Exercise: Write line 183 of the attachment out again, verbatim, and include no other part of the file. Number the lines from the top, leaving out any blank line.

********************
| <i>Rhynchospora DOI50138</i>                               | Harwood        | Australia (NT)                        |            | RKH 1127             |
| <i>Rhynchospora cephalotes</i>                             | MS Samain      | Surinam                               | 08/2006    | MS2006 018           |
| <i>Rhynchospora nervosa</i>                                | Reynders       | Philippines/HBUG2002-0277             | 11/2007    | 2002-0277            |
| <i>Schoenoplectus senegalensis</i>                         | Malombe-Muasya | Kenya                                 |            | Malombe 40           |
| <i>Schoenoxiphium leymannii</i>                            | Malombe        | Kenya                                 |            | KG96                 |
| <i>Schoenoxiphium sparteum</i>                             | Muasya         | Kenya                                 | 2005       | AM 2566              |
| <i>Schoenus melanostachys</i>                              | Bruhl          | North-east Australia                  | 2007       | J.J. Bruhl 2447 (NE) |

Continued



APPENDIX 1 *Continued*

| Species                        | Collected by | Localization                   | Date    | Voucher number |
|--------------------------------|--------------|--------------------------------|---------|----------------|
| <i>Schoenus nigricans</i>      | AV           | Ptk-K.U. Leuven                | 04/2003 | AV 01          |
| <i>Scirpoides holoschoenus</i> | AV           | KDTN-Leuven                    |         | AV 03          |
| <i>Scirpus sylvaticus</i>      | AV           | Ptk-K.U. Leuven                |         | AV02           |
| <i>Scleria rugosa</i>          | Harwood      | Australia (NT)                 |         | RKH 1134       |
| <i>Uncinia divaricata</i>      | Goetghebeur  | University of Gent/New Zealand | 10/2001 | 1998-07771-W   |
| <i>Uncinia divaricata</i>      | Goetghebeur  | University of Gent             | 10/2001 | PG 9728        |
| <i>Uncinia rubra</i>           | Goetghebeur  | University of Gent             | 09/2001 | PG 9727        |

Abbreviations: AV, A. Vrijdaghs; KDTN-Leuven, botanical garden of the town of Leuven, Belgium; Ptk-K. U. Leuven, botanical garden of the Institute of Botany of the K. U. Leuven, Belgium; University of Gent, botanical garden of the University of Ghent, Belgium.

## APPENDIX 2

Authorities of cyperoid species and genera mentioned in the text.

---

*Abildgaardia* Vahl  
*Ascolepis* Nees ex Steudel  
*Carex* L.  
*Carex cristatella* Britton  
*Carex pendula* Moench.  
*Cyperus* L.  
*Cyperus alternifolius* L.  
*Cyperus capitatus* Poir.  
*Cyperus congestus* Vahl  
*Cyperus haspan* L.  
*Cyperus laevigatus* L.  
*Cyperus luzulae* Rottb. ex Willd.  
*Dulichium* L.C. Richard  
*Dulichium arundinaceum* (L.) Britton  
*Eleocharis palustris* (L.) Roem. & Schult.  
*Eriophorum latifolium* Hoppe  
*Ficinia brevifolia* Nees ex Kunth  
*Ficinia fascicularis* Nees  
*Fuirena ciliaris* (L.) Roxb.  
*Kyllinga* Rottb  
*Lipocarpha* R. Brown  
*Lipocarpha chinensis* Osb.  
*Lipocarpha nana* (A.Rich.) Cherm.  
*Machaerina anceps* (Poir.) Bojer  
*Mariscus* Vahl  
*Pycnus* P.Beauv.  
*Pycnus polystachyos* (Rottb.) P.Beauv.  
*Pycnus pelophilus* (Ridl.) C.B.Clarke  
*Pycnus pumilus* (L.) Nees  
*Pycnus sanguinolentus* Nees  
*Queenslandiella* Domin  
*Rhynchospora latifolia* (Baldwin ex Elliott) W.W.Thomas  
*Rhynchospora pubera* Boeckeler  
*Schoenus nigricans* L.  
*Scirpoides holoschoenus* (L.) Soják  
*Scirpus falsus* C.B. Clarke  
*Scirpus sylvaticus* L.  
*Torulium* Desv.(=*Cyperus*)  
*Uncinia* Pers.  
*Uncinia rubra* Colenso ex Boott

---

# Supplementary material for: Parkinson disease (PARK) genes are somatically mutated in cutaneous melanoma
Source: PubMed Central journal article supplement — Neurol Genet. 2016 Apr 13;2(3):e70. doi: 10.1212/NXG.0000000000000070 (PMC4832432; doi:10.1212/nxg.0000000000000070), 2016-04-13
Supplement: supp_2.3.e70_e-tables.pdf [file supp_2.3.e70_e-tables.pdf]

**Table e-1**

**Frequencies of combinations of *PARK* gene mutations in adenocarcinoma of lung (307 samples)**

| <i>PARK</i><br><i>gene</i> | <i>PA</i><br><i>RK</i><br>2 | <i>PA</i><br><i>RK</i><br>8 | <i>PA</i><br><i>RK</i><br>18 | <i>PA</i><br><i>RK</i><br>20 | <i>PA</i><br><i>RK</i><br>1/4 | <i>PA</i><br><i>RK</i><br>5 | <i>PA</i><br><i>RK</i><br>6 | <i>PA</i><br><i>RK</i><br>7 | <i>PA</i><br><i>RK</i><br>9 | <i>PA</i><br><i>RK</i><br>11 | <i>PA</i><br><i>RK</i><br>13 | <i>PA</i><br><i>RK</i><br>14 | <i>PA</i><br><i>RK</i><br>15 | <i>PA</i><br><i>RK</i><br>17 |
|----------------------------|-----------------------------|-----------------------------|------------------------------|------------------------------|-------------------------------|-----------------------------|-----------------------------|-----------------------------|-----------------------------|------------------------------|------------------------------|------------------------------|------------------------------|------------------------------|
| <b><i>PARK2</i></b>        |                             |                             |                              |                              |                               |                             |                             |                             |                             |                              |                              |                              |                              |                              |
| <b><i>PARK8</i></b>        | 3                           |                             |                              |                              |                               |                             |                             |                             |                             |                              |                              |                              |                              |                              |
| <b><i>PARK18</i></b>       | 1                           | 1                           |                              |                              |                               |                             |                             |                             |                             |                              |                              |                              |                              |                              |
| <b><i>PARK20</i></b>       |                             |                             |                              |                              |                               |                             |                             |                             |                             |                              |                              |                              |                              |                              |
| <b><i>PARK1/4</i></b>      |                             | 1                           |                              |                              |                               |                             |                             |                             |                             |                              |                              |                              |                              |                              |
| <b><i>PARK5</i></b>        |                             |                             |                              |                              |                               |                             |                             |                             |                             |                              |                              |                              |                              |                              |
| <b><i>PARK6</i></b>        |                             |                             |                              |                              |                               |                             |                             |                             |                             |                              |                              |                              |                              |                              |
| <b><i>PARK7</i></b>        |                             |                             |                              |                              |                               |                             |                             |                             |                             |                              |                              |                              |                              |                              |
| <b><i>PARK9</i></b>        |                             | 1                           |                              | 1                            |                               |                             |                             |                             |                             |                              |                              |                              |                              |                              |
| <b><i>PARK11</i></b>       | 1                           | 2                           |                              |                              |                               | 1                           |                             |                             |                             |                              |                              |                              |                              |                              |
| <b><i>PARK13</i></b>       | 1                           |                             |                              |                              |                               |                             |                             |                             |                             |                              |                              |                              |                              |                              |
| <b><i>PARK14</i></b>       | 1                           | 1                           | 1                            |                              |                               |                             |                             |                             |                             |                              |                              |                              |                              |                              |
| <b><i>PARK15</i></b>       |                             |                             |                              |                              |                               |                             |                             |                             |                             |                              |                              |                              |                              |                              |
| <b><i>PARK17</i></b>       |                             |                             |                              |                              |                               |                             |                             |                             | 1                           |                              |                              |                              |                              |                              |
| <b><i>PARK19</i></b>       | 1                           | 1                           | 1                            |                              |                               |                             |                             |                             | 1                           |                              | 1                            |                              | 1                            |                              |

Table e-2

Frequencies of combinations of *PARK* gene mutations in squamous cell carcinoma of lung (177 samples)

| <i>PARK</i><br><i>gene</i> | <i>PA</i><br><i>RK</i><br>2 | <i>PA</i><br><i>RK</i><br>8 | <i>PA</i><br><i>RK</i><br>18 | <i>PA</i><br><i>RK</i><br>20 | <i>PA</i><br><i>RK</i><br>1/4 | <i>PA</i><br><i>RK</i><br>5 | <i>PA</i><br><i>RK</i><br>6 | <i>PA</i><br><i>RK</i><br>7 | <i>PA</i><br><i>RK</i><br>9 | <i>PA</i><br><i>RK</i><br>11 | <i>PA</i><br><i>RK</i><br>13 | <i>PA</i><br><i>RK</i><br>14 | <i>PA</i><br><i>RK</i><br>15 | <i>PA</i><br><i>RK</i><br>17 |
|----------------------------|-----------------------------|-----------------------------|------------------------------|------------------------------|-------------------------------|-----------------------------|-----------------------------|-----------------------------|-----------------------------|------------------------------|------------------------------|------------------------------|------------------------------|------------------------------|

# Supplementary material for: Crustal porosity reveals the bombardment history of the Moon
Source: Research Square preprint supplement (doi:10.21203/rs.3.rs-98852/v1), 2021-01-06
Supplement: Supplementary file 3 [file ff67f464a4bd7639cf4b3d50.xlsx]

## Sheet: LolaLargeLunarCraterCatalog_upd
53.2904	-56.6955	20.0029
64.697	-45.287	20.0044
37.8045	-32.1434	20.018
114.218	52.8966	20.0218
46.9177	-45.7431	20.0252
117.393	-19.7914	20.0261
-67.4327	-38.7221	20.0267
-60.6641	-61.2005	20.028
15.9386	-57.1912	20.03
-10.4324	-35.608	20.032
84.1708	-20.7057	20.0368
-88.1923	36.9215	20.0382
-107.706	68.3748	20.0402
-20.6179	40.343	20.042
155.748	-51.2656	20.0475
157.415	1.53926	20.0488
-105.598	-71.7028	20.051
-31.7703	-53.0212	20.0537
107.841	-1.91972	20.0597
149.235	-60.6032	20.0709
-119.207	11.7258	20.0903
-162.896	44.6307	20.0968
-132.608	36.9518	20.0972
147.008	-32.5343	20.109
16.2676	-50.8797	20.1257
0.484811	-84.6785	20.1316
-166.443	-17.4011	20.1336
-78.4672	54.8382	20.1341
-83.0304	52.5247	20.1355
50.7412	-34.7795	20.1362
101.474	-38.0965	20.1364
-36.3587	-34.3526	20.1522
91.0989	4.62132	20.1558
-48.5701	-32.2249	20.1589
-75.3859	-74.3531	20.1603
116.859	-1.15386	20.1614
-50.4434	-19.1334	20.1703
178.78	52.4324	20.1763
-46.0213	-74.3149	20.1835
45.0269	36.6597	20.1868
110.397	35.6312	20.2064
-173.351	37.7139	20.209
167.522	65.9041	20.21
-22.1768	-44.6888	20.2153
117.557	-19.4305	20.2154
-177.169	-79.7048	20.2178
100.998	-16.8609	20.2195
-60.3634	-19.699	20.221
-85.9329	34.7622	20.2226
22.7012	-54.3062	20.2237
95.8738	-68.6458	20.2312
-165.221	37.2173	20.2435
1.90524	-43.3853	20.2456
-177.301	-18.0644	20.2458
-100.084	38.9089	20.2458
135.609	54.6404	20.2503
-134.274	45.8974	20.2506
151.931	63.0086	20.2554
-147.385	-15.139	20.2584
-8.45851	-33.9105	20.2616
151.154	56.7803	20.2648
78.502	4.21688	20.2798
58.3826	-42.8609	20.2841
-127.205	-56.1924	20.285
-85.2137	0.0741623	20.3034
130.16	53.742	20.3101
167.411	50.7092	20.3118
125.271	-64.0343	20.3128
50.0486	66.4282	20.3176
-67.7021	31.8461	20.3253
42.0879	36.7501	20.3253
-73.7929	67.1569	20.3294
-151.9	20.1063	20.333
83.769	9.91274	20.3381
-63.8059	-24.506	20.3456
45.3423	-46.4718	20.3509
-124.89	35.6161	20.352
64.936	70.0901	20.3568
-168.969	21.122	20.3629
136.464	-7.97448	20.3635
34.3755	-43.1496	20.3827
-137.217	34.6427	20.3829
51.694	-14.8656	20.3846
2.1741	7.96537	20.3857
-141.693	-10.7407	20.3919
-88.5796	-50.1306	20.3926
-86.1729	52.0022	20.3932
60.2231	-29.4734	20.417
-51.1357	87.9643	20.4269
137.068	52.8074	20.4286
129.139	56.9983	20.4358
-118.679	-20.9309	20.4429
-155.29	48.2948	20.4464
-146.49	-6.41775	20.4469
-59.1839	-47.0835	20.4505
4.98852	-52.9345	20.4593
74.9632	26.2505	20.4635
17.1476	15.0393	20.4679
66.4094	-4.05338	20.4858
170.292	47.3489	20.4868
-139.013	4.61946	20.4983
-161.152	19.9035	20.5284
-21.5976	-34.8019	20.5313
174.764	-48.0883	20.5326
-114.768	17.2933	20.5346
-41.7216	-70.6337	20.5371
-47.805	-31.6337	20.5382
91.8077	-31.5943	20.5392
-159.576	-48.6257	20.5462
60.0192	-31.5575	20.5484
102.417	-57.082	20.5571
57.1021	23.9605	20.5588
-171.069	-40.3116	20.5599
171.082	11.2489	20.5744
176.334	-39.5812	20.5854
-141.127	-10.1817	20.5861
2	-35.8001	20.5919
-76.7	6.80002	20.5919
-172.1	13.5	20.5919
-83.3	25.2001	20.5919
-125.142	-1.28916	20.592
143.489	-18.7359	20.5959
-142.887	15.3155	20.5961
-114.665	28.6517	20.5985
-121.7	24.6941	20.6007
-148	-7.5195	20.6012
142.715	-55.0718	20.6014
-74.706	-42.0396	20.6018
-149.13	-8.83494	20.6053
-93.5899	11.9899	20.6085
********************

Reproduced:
137.068	52.8074	20.4286